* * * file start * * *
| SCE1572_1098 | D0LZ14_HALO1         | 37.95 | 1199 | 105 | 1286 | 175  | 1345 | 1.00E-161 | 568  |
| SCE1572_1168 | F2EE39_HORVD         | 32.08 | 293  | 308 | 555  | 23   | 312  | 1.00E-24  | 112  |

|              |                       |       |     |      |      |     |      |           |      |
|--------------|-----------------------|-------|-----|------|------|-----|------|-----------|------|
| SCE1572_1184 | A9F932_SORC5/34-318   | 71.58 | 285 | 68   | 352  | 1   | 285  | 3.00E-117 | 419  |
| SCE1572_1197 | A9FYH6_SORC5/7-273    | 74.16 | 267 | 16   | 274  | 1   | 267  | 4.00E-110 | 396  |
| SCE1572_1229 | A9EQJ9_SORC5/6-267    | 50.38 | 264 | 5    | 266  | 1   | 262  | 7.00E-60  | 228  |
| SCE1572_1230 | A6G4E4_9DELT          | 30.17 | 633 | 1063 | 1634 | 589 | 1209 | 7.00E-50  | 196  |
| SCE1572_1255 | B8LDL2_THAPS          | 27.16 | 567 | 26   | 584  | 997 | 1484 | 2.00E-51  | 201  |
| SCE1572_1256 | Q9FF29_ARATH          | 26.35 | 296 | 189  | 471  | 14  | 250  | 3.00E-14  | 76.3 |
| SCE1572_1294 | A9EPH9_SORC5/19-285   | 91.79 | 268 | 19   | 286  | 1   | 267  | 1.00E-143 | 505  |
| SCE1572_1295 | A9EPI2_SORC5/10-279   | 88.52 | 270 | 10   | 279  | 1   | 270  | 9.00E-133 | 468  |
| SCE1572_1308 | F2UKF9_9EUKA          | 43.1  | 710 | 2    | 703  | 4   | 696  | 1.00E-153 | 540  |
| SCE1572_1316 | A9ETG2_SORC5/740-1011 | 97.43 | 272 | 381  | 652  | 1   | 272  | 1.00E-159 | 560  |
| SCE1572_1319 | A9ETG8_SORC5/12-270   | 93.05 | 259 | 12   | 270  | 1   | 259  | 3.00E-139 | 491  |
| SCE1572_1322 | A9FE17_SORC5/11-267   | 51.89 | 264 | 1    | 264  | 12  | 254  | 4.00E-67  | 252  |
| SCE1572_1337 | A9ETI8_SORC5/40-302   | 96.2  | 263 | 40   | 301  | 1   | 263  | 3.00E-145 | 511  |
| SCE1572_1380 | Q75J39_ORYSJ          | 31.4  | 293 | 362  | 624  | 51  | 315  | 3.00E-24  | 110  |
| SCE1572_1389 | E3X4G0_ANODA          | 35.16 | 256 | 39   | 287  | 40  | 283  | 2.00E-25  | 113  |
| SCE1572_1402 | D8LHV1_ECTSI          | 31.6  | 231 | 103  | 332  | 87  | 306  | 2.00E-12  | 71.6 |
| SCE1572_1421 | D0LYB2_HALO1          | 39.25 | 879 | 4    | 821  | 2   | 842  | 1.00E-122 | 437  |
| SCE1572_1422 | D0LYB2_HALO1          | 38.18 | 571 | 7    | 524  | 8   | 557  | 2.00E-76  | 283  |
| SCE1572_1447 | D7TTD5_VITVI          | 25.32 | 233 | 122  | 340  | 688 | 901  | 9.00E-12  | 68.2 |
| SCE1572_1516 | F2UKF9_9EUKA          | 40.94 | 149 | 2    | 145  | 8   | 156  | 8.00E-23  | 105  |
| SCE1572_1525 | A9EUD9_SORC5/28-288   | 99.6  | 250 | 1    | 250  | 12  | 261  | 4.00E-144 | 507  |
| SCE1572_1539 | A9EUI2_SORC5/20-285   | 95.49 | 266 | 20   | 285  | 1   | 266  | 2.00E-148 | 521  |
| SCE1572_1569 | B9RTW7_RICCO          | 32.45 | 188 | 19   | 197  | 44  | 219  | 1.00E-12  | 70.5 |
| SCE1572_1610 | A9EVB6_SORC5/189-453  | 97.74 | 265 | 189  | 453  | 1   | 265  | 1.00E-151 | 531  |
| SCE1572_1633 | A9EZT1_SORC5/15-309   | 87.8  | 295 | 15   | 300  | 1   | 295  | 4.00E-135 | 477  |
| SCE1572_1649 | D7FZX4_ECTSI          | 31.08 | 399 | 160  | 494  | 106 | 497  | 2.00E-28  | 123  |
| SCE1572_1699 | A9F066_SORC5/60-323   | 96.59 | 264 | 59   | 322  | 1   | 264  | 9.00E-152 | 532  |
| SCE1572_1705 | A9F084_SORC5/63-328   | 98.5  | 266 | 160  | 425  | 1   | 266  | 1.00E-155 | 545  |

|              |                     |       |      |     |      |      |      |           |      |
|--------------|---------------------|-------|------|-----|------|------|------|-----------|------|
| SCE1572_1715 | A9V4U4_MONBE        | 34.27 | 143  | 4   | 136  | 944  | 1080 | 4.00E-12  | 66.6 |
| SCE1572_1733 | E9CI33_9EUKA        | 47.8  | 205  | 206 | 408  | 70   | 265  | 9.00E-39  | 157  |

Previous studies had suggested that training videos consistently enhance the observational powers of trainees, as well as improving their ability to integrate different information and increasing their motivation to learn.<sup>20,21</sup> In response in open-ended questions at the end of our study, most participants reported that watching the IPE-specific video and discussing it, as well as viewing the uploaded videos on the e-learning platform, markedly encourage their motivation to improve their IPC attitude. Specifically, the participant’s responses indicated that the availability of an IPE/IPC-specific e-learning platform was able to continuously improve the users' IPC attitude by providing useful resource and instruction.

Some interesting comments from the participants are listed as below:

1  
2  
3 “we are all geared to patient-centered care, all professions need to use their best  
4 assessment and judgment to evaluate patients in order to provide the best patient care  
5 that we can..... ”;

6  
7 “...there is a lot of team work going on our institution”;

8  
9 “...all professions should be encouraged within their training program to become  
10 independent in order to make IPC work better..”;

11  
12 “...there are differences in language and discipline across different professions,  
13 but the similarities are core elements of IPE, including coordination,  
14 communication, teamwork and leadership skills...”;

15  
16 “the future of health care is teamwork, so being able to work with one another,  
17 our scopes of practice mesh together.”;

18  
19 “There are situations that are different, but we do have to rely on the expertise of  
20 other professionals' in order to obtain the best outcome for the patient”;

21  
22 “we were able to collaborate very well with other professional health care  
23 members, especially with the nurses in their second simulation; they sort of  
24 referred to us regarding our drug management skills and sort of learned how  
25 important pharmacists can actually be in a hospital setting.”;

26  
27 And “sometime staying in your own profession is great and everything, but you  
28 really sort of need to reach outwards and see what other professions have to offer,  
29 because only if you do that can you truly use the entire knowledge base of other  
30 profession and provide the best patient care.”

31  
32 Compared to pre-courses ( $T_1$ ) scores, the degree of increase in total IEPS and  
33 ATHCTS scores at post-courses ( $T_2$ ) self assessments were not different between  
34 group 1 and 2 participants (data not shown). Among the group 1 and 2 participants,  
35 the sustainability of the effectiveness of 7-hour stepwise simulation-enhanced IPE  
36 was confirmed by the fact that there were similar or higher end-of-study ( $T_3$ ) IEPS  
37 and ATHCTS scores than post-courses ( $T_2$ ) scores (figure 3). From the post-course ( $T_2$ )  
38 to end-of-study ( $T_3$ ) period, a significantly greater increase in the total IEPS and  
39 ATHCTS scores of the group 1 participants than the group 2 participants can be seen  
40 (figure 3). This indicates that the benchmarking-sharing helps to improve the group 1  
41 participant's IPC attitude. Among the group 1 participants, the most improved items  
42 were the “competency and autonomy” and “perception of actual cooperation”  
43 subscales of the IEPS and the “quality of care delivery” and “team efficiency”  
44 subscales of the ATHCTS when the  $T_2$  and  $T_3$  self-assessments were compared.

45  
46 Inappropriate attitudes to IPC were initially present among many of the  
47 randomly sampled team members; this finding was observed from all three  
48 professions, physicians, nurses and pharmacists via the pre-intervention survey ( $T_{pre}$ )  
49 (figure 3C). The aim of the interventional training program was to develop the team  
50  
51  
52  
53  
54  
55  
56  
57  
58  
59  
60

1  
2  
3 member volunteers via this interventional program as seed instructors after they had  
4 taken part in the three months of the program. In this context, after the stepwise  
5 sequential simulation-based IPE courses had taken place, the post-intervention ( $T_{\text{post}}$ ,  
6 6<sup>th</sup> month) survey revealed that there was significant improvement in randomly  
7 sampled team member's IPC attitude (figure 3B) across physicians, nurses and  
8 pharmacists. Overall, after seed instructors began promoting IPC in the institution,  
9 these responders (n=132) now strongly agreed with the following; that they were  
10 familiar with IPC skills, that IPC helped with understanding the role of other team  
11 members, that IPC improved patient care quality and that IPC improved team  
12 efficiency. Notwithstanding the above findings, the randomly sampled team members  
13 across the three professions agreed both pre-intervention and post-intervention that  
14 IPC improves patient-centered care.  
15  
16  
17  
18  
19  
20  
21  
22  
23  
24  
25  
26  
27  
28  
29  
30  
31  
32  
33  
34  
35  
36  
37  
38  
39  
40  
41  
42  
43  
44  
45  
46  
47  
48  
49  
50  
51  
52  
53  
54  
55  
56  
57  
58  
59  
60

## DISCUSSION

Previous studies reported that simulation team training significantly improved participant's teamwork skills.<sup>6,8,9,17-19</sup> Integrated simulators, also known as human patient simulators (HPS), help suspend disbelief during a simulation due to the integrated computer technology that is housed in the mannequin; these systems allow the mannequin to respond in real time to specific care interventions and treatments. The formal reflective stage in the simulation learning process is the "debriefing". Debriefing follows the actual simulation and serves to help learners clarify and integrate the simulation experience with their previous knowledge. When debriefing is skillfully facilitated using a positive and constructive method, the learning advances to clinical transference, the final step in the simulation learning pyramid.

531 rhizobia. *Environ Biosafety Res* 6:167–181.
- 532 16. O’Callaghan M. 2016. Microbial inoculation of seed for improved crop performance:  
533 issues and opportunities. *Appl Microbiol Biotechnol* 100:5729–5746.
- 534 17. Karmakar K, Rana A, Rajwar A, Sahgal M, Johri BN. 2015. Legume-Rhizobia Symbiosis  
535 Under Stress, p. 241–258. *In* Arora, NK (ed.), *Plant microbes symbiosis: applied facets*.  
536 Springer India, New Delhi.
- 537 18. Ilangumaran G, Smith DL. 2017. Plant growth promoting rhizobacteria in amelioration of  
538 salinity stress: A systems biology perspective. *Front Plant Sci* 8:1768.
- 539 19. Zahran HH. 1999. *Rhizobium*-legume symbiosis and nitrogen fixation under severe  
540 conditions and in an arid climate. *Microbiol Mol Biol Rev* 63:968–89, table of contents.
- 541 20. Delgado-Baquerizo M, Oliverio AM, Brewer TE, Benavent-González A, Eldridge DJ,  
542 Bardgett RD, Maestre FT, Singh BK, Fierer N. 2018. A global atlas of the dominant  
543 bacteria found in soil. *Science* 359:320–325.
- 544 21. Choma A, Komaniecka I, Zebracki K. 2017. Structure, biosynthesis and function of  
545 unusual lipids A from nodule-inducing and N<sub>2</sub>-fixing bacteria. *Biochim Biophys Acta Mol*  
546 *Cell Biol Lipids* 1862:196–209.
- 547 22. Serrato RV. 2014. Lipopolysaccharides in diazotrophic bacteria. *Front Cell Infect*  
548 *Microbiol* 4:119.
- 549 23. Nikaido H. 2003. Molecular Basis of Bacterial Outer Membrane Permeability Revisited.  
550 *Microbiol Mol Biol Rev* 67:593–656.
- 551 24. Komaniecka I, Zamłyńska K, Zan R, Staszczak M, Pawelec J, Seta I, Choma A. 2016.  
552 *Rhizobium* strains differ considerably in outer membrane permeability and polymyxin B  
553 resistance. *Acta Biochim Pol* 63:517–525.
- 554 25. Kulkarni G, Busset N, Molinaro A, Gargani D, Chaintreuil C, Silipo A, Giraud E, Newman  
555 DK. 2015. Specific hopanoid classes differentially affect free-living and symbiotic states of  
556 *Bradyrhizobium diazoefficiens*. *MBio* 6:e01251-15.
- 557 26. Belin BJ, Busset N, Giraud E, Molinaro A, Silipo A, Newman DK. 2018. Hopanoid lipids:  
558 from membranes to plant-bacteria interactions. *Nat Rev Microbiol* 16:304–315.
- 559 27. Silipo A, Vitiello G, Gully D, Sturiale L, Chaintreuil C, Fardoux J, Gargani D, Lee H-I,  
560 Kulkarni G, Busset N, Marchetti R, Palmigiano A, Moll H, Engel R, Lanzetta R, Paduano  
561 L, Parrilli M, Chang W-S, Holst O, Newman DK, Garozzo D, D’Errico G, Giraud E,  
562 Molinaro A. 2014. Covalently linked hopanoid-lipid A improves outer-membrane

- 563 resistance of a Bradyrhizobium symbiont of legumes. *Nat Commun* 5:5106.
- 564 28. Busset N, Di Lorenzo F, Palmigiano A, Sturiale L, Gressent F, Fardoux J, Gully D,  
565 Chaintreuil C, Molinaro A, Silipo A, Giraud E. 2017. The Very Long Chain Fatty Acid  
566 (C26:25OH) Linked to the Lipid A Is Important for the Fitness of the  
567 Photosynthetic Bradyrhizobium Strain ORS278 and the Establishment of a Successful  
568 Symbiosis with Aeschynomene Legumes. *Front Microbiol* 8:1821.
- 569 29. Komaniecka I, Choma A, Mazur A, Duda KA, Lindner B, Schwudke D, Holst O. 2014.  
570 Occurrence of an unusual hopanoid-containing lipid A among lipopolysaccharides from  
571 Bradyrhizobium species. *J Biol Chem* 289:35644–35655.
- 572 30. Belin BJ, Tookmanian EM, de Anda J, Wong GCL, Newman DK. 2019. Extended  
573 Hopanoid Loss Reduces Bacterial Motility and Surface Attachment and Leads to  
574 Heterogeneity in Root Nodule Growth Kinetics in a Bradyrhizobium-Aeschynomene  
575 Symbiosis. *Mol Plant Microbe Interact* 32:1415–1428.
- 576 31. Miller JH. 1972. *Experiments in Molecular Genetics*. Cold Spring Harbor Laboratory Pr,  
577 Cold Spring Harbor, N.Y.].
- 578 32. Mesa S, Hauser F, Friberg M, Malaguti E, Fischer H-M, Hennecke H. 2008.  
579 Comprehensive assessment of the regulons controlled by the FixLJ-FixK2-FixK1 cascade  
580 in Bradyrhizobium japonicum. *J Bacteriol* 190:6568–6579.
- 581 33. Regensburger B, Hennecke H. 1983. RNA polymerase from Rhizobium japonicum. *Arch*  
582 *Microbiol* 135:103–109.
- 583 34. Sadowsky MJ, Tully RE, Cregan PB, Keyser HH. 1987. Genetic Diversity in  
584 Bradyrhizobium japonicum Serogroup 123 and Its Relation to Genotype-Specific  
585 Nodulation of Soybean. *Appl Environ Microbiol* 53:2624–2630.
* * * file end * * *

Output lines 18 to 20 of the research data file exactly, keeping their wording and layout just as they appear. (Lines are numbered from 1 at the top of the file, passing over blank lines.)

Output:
| SCE1572_1380 | Q75J39_ORYSJ          | 31.4  | 293 | 362  | 624  | 51  | 315  | 3.00E-24  | 110  |
| SCE1572_1389 | E3X4G0_ANODA          | 35.16 | 256 | 39   | 287  | 40  | 283  | 2.00E-25  | 113  |
| SCE1572_1402 | D8LHV1_ECTSI          | 31.6  | 231 | 103  | 332  | 87  | 306  | 2.00E-12  | 71.6 |